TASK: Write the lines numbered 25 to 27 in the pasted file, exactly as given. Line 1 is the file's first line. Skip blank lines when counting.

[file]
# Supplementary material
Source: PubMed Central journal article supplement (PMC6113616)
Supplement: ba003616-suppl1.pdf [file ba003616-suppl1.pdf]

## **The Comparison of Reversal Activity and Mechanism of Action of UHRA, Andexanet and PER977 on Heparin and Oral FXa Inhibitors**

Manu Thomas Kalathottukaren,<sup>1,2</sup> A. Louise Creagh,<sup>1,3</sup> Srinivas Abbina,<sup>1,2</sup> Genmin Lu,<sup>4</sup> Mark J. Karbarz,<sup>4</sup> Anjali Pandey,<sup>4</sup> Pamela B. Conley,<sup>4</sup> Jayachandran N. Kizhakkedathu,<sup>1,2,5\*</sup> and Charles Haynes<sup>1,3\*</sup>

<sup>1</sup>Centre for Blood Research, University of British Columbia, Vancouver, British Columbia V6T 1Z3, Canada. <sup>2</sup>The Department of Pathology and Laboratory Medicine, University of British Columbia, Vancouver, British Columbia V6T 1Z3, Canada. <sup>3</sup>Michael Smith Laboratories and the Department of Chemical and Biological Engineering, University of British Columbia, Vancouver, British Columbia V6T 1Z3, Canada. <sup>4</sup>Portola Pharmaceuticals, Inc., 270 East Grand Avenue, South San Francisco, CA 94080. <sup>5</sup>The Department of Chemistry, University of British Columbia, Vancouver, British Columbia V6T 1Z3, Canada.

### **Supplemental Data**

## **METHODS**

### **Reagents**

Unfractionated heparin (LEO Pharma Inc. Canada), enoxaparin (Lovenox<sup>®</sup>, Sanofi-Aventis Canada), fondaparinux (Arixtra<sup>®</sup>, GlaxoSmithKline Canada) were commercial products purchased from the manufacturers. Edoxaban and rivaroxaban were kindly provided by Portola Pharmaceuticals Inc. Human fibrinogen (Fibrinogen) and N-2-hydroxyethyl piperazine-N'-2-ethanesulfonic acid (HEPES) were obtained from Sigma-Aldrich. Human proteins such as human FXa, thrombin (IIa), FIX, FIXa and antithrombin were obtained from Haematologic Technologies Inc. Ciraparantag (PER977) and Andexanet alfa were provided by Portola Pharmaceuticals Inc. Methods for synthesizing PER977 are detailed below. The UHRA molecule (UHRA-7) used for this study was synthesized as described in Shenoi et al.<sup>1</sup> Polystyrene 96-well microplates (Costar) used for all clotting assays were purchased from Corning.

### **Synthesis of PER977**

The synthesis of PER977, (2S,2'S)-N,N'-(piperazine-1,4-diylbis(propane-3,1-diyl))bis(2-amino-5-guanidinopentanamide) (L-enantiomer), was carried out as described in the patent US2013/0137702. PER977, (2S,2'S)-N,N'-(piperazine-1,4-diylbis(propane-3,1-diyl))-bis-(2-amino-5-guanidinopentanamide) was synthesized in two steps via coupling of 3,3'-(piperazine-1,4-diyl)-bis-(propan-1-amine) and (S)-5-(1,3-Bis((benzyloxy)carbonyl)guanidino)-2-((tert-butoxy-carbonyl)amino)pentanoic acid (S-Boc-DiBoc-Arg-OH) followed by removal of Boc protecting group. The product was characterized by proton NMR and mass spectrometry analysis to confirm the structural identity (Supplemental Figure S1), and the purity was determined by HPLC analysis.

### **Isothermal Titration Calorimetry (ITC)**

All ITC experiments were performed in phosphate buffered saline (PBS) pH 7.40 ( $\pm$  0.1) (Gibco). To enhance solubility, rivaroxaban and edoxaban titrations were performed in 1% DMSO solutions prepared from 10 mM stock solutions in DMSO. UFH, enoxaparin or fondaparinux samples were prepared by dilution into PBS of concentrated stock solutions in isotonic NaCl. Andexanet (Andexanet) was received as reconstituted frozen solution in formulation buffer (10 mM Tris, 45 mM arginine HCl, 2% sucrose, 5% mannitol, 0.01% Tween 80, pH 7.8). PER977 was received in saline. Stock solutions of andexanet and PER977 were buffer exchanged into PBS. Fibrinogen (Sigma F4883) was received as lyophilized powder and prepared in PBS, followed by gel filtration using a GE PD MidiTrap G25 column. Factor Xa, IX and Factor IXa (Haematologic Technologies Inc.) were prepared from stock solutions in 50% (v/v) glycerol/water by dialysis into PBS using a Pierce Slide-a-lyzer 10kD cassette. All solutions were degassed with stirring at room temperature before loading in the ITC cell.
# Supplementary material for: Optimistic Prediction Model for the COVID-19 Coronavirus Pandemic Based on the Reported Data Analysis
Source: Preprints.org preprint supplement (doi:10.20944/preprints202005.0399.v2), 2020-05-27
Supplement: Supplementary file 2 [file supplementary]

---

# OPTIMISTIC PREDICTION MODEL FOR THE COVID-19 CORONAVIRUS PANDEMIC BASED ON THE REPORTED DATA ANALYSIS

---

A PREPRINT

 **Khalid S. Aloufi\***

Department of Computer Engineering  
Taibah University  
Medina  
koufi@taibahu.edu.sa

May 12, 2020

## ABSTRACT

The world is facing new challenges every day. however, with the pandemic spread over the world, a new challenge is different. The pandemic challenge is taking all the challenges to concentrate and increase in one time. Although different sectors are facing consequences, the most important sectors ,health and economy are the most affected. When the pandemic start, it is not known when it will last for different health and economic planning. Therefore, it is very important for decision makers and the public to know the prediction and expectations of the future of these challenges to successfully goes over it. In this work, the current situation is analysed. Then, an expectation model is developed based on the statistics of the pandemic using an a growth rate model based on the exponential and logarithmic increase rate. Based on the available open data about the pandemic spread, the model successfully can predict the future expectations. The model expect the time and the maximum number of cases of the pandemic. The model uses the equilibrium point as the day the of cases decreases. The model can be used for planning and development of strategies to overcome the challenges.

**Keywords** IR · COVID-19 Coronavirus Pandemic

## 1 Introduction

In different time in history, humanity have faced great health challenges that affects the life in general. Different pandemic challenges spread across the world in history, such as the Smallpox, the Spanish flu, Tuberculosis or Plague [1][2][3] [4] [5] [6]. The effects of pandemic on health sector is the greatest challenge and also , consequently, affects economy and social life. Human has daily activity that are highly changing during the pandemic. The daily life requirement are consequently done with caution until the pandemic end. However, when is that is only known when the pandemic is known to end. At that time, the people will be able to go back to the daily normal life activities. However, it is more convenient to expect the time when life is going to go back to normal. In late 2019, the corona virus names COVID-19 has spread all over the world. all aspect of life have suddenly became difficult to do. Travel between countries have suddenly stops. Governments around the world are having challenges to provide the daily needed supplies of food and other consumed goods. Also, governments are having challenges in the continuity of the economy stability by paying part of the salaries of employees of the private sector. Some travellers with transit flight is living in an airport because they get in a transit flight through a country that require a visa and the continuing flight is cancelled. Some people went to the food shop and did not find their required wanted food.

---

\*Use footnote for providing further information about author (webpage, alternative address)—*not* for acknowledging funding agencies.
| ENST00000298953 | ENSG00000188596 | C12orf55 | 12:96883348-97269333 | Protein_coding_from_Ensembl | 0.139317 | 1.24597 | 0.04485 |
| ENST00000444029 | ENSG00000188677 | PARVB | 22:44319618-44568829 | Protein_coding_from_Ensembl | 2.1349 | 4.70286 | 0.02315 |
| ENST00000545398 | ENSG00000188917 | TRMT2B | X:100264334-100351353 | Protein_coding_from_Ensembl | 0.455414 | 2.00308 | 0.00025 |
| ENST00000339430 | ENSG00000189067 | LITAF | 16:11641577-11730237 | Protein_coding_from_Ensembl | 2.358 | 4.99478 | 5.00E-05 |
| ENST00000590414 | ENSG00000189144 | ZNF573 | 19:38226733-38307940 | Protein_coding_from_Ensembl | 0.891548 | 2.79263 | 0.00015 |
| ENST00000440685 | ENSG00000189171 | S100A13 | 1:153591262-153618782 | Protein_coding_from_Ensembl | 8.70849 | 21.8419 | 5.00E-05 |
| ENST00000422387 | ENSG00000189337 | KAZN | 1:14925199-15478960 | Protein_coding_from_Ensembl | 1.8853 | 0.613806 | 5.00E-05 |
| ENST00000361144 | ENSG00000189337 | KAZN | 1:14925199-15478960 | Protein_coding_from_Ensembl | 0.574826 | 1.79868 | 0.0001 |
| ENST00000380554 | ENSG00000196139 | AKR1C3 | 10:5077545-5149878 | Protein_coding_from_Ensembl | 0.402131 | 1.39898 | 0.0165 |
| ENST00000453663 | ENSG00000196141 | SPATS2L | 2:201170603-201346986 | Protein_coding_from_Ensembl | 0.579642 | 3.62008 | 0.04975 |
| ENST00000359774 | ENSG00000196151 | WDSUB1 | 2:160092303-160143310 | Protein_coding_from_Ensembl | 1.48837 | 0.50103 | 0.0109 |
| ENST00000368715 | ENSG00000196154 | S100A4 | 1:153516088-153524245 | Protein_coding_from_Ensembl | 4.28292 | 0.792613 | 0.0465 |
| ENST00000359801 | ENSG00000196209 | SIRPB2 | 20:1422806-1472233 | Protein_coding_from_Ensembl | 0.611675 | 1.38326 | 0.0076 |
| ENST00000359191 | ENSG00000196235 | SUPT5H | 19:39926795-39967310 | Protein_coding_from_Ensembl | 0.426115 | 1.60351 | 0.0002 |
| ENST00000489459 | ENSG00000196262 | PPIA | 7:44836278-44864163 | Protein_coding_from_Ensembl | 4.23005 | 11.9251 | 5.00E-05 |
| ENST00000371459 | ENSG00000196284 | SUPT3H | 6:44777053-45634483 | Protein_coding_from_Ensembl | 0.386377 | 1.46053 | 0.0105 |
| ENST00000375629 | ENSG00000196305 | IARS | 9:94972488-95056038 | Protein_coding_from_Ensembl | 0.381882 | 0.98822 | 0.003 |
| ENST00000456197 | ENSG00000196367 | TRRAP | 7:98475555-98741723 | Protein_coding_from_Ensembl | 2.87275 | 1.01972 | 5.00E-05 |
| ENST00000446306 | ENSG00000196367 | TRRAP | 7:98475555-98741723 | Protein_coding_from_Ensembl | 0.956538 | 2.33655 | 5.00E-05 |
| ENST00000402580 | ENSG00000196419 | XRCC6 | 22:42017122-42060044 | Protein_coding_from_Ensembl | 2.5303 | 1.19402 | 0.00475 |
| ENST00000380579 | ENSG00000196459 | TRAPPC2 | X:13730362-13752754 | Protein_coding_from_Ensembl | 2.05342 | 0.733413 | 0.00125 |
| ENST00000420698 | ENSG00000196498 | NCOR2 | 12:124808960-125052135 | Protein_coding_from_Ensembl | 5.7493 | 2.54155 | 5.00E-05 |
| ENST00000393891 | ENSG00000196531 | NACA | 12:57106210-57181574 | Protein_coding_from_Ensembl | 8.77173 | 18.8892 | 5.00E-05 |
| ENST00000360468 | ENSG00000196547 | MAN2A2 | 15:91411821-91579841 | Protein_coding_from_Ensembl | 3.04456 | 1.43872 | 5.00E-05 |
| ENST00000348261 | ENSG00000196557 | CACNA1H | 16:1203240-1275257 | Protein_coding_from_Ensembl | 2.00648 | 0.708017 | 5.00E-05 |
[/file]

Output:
Medina  
koufi@taibahu.edu.sa

May 12, 2020